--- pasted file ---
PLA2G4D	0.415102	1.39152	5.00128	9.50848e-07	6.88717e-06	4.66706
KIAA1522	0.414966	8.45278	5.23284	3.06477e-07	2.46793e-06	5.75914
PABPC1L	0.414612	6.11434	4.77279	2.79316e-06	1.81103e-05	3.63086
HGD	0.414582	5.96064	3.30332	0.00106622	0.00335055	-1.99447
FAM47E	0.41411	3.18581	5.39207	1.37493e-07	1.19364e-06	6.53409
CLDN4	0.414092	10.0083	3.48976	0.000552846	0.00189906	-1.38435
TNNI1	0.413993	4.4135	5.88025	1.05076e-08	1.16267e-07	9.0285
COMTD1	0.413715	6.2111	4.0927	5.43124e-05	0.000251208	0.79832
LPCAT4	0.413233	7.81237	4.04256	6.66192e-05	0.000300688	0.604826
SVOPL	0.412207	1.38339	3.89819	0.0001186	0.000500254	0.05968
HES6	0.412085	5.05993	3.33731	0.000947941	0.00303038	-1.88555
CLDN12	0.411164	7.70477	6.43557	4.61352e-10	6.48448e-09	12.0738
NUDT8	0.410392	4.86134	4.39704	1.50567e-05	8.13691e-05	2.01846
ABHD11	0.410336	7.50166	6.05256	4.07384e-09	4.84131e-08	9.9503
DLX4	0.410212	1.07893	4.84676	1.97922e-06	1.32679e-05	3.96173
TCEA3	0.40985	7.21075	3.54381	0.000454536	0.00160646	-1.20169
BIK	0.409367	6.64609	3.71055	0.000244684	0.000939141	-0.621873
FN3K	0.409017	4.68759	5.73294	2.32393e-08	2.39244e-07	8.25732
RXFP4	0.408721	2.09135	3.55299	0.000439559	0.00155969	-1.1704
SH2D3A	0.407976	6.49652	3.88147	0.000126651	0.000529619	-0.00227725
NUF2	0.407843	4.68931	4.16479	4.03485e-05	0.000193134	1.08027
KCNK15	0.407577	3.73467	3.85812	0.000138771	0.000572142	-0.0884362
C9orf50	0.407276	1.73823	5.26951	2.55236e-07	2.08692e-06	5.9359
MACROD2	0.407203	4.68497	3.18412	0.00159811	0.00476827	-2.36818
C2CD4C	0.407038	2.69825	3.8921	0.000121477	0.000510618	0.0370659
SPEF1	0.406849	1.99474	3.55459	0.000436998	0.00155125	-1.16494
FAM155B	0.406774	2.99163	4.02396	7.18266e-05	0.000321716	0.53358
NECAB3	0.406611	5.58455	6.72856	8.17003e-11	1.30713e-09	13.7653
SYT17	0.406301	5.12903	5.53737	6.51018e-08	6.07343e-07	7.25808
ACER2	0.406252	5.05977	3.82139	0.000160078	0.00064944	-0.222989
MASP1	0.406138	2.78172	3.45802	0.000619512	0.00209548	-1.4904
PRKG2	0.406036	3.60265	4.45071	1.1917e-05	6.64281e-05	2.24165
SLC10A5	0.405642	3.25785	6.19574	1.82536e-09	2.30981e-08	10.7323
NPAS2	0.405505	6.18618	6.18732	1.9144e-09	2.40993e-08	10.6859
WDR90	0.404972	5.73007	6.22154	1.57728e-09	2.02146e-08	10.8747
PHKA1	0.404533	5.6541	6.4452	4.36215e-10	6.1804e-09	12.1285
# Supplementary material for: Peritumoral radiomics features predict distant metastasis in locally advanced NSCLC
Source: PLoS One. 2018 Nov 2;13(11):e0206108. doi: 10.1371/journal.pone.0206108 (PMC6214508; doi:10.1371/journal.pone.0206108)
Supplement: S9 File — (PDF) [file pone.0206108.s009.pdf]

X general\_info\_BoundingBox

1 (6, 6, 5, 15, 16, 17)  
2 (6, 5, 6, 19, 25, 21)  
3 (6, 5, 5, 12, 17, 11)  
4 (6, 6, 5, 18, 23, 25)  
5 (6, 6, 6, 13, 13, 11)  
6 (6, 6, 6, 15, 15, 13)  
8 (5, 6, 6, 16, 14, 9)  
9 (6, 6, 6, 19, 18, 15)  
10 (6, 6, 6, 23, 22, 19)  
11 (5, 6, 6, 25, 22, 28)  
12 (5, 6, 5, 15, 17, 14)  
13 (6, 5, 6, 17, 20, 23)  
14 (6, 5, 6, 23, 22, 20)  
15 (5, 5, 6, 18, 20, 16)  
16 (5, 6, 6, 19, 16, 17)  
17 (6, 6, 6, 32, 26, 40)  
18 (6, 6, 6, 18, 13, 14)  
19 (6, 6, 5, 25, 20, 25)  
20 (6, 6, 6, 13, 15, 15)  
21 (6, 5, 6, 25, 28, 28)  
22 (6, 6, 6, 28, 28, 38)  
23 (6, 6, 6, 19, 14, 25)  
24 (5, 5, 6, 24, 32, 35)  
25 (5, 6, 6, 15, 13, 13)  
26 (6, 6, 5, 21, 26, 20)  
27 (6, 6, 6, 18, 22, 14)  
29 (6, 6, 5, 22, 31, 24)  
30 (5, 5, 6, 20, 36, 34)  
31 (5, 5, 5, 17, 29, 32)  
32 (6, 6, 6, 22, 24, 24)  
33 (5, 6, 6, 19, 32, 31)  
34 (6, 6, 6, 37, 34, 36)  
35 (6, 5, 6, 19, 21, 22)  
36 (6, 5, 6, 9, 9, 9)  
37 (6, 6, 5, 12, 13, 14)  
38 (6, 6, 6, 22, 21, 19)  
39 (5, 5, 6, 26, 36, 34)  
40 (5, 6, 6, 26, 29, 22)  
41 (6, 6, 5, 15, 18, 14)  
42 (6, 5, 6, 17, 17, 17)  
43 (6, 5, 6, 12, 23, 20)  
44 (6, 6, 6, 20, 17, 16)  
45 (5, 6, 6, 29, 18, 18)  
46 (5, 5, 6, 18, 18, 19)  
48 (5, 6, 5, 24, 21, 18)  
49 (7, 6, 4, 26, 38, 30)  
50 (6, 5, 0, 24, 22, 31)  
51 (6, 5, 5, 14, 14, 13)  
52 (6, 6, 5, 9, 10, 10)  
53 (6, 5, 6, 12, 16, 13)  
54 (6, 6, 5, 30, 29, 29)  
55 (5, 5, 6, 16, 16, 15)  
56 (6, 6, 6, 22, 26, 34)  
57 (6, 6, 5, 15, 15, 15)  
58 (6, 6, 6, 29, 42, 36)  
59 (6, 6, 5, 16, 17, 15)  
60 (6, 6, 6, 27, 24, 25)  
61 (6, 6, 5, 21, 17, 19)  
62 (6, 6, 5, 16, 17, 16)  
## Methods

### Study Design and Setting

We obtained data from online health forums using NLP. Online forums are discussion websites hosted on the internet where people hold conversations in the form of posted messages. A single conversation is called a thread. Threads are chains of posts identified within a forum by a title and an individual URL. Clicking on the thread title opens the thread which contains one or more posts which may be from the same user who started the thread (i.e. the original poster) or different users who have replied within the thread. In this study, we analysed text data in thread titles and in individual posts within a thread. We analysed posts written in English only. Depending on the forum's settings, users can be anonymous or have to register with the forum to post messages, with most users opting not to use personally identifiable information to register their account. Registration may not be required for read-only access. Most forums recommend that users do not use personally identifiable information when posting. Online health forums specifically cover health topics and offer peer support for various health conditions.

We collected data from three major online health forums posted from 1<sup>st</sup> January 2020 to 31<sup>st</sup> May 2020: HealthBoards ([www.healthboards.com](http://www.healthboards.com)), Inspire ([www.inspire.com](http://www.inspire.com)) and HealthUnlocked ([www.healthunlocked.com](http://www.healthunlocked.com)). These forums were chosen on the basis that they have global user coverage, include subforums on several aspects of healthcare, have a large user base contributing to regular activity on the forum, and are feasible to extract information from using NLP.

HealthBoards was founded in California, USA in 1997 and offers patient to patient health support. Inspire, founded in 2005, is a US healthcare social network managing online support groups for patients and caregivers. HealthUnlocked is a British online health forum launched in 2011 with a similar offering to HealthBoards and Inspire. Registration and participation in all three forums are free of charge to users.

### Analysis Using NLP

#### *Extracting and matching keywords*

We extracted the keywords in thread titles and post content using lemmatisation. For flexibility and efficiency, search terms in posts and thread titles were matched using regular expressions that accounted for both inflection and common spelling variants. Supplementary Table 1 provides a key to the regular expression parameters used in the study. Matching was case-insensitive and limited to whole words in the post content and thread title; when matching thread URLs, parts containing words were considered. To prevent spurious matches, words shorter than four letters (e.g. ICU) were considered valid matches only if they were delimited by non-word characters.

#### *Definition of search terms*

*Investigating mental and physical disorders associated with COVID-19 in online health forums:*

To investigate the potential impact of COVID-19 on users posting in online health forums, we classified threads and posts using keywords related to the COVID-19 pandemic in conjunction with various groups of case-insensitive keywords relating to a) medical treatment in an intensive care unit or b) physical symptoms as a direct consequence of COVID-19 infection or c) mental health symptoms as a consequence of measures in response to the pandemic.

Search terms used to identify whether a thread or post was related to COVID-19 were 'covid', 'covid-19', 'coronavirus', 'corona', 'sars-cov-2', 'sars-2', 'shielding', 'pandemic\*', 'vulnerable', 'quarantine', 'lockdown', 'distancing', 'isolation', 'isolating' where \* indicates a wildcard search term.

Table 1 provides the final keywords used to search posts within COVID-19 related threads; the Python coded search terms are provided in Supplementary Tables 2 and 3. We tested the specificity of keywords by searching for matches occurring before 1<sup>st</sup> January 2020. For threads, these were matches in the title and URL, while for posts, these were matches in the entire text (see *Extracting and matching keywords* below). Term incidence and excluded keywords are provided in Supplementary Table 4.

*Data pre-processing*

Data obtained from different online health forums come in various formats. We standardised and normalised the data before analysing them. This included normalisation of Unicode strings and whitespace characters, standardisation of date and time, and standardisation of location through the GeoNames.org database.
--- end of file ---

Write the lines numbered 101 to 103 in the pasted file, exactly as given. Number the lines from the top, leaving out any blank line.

### Study Design and Setting

We obtained data from online health forums using NLP. Online forums are discussion websites hosted on the internet where people hold conversations in the form of posted messages. A single conversation is called a thread. Threads are chains of posts identified within a forum by a title and an individual URL. Clicking on the thread title opens the thread which contains one or more posts which may be from the same user who started the thread (i.e. the original poster) or different users who have replied within the thread. In this study, we analysed text data in thread titles and in individual posts within a thread. We analysed posts written in English only. Depending on the forum's settings, users can be anonymous or have to register with the forum to post messages, with most users opting not to use personally identifiable information to register their account. Registration may not be required for read-only access. Most forums recommend that users do not use personally identifiable information when posting. Online health forums specifically cover health topics and offer peer support for various health conditions.

We collected data from three major online health forums posted from 1<sup>st</sup> January 2020 to 31<sup>st</sup> May 2020: HealthBoards ([www.healthboards.com](http://www.healthboards.com)), Inspire ([www.inspire.com](http://www.inspire.com)) and HealthUnlocked ([www.healthunlocked.com](http://www.healthunlocked.com)). These forums were chosen on the basis that they have global user coverage, include subforums on several aspects of healthcare, have a large user base contributing to regular activity on the forum, and are feasible to extract information from using NLP.